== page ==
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    Drunken Bees Create Buzz on Drunken Humans

    Tipsy Bees Offer New Clues on the Effects of Alcohol in Humans

    WebMD Health News

    Oct. 25, 2004 -- Drunken worker bees may not produce much honey, but their behavior under the influence may help researchers understand the effects of alcohol in humans, according to new research.

    Researchers found alcohol affects bees and humans in similar ways by impairing their movement and stalling their learning and memory processing, and these effects intensify according to how much alcohol they imbibe and the time since ingestion.

    The study showed that honey bees that were fed the human equivalent of 200-proof grain alcohol spent most of the next 40 minutes on their backs, unable to stand. But bees who drank the human equivalent of wine spent the least amount of time of their backs, and the effects of the alcohol took about 20 minutes to sink in.

    The researchers presented their findings this week at the annual Society for Neuroscience conference in San Diego.

    "On the molecular level, the brains of honey bees and humans work the same," says researcher Julie Mustard, a postdoctoral researcher in entomology at Ohio State University, in a news release. "Knowing how chronic alcohol use affects genes and proteins in the honey bee brain may help us eventually understand how alcoholism affects memory and behavior in humans, as well as the molecular basis of addiction."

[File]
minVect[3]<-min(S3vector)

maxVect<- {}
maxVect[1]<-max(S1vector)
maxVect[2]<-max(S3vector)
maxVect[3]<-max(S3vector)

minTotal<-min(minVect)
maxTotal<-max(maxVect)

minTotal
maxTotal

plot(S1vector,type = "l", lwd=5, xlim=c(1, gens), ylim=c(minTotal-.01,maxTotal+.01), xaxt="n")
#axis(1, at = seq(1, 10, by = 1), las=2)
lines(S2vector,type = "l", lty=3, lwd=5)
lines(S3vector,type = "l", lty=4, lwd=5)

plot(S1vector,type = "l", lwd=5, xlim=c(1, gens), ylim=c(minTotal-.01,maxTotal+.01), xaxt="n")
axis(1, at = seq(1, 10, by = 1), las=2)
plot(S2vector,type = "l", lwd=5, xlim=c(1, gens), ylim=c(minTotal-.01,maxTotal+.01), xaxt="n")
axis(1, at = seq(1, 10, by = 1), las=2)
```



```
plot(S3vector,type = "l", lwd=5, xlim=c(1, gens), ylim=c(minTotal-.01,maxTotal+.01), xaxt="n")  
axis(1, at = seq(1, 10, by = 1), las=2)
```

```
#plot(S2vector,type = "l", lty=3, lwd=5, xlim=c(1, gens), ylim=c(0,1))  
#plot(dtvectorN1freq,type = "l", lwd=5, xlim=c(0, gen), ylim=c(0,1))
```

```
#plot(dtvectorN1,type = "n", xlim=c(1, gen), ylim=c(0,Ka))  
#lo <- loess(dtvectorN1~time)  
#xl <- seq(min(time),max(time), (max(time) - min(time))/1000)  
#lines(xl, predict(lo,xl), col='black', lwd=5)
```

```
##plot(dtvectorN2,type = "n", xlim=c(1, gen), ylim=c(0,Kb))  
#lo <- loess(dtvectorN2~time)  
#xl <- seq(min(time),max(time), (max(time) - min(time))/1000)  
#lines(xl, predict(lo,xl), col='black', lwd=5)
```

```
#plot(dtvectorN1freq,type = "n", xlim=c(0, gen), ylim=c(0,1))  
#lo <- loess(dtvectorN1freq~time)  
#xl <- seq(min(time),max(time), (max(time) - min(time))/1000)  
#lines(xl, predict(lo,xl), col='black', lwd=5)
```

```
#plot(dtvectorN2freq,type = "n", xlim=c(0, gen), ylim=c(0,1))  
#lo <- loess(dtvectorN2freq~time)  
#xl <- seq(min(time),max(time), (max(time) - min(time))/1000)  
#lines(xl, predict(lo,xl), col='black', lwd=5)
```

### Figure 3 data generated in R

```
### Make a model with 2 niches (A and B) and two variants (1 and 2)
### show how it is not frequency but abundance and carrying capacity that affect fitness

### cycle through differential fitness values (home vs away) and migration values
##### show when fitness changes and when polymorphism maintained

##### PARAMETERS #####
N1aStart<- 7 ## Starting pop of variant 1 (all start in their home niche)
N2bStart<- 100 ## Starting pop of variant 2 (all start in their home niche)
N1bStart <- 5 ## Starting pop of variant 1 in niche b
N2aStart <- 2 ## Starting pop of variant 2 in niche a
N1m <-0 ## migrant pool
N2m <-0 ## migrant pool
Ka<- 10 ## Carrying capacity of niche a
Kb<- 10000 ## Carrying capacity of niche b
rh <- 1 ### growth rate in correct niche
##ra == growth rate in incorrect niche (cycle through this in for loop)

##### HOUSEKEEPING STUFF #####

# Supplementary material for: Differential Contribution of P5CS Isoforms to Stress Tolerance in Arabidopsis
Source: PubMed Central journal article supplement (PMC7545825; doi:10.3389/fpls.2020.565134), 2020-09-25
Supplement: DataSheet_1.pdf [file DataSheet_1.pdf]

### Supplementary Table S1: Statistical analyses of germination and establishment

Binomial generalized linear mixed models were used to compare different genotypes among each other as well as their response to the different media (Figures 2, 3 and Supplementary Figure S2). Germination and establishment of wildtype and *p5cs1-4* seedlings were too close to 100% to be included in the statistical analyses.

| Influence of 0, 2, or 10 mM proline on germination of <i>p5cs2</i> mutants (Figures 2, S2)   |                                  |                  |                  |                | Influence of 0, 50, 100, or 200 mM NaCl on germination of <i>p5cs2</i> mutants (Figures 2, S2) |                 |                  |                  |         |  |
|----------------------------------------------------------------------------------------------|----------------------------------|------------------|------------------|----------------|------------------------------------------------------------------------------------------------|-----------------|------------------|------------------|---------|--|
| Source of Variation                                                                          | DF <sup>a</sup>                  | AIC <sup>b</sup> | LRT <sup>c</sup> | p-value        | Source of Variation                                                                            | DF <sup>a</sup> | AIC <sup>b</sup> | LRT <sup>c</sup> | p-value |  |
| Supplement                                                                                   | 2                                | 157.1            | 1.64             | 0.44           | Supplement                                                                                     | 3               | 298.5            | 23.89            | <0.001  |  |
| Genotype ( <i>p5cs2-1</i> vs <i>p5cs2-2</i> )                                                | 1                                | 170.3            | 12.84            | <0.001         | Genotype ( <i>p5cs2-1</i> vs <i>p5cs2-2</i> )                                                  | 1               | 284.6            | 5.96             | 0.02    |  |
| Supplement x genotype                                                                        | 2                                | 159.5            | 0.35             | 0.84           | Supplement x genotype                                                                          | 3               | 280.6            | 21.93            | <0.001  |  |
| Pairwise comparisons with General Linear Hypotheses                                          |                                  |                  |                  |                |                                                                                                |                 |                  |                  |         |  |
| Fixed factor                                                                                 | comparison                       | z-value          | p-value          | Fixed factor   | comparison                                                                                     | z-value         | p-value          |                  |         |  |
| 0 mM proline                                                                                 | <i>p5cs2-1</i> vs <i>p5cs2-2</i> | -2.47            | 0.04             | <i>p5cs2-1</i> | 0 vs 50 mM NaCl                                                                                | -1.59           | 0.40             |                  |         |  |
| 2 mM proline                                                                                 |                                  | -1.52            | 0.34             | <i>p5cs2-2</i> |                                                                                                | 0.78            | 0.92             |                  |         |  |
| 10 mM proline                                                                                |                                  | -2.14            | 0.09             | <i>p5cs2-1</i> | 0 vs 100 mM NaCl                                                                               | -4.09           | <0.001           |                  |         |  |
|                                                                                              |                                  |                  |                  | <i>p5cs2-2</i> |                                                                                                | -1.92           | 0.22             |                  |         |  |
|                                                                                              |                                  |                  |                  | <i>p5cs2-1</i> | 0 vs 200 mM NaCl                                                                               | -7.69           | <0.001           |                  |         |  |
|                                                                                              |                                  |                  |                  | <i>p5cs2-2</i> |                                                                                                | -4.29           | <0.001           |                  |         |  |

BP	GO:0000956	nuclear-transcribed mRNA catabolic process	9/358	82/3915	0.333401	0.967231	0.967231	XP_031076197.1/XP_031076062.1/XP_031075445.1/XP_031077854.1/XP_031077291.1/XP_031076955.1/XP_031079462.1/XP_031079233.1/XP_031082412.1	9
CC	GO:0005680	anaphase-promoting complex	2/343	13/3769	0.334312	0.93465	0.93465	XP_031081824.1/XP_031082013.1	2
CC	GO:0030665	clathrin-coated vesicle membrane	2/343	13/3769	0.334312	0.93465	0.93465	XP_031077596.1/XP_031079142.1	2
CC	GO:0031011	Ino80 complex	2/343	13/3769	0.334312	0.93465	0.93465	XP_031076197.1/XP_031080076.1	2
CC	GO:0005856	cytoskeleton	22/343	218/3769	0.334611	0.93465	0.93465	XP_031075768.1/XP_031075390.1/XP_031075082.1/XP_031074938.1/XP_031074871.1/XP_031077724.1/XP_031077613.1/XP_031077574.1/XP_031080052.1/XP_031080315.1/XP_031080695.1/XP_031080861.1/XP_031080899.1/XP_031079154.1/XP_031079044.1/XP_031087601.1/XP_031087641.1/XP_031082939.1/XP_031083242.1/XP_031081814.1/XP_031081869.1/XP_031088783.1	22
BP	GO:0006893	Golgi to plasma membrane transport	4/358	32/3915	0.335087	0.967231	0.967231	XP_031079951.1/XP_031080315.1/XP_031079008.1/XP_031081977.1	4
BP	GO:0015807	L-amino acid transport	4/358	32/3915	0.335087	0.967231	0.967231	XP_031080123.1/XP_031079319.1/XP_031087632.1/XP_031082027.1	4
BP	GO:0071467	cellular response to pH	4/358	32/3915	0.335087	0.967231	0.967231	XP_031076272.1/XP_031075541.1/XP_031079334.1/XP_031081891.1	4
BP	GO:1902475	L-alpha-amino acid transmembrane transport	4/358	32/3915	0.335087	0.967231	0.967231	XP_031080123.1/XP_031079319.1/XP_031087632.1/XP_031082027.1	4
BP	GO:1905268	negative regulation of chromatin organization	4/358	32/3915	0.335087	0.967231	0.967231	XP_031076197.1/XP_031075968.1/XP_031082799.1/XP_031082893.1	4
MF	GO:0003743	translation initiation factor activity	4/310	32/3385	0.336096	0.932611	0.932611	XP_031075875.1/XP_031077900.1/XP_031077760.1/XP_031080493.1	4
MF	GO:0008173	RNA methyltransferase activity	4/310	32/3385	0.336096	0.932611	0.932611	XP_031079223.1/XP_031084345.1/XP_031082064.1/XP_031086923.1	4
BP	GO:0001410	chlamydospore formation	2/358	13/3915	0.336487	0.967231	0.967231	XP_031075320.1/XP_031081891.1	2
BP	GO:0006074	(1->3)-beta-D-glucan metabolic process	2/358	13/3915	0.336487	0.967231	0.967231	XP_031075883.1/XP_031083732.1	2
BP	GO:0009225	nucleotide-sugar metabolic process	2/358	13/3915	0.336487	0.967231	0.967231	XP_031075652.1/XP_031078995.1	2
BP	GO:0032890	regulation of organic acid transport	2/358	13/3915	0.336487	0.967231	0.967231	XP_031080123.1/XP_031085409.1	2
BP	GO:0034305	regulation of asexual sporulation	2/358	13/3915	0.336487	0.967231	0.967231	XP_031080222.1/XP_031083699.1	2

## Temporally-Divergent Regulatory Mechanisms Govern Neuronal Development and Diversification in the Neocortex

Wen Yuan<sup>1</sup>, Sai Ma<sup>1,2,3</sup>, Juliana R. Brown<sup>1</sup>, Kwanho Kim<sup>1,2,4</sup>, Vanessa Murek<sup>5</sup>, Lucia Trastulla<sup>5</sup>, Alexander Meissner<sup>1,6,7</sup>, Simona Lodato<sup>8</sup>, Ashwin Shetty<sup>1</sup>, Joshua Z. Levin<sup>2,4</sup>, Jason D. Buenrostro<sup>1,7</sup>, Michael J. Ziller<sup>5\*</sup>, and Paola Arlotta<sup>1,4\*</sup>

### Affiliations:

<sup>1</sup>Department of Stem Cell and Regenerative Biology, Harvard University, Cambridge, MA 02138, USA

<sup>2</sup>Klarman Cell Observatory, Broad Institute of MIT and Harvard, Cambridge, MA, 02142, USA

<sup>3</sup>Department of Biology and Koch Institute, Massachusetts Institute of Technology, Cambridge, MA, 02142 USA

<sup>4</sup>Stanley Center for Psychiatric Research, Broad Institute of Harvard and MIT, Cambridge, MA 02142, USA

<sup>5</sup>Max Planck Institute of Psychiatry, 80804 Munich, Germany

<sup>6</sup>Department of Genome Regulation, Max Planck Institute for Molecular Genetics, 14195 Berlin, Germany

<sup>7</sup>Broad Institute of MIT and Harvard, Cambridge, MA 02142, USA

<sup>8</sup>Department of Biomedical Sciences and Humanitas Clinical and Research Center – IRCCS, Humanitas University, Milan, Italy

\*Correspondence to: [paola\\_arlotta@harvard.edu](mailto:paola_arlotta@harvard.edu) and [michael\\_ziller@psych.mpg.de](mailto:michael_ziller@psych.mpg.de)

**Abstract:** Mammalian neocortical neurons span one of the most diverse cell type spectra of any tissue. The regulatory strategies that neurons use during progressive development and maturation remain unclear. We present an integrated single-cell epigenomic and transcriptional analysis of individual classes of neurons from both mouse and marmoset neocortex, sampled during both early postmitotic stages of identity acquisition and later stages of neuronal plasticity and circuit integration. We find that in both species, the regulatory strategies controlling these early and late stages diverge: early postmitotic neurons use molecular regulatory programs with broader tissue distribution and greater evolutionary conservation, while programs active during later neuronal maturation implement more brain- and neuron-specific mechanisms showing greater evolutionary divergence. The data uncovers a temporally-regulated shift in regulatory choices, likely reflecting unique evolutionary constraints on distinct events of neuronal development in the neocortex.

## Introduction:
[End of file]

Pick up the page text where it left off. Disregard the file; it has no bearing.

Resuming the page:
Alcohol's Effect on Bees and Humans

    In the study, researchers fed worker honey bees solutions of sugar and alcohol (ethanol) with alcohol concentrations ranging from 10% to 100%. The 10% solution was equivalent to drinking wine and the 100% solution was equivalent to drinking grain alcohol.

    The bees were then observed for 40 minutes, and researchers measured the amount of time they spent walking, stopped, grooming, flying, and upside down to determine the effect of alcohol.

    The study showed that drinking alcohol significantly decreased the amount of time spent walking, grooming, or flying, and increased the amount of time the bees spent upside down.

    "These bees had lost postural control," says Mustard. "They couldn't coordinate their legs well enough to flip themselves back over again."

    Researchers found the likelihood that the bees exhibited change in their behavior increased along with the potency of the alcoholic beverage they drank.

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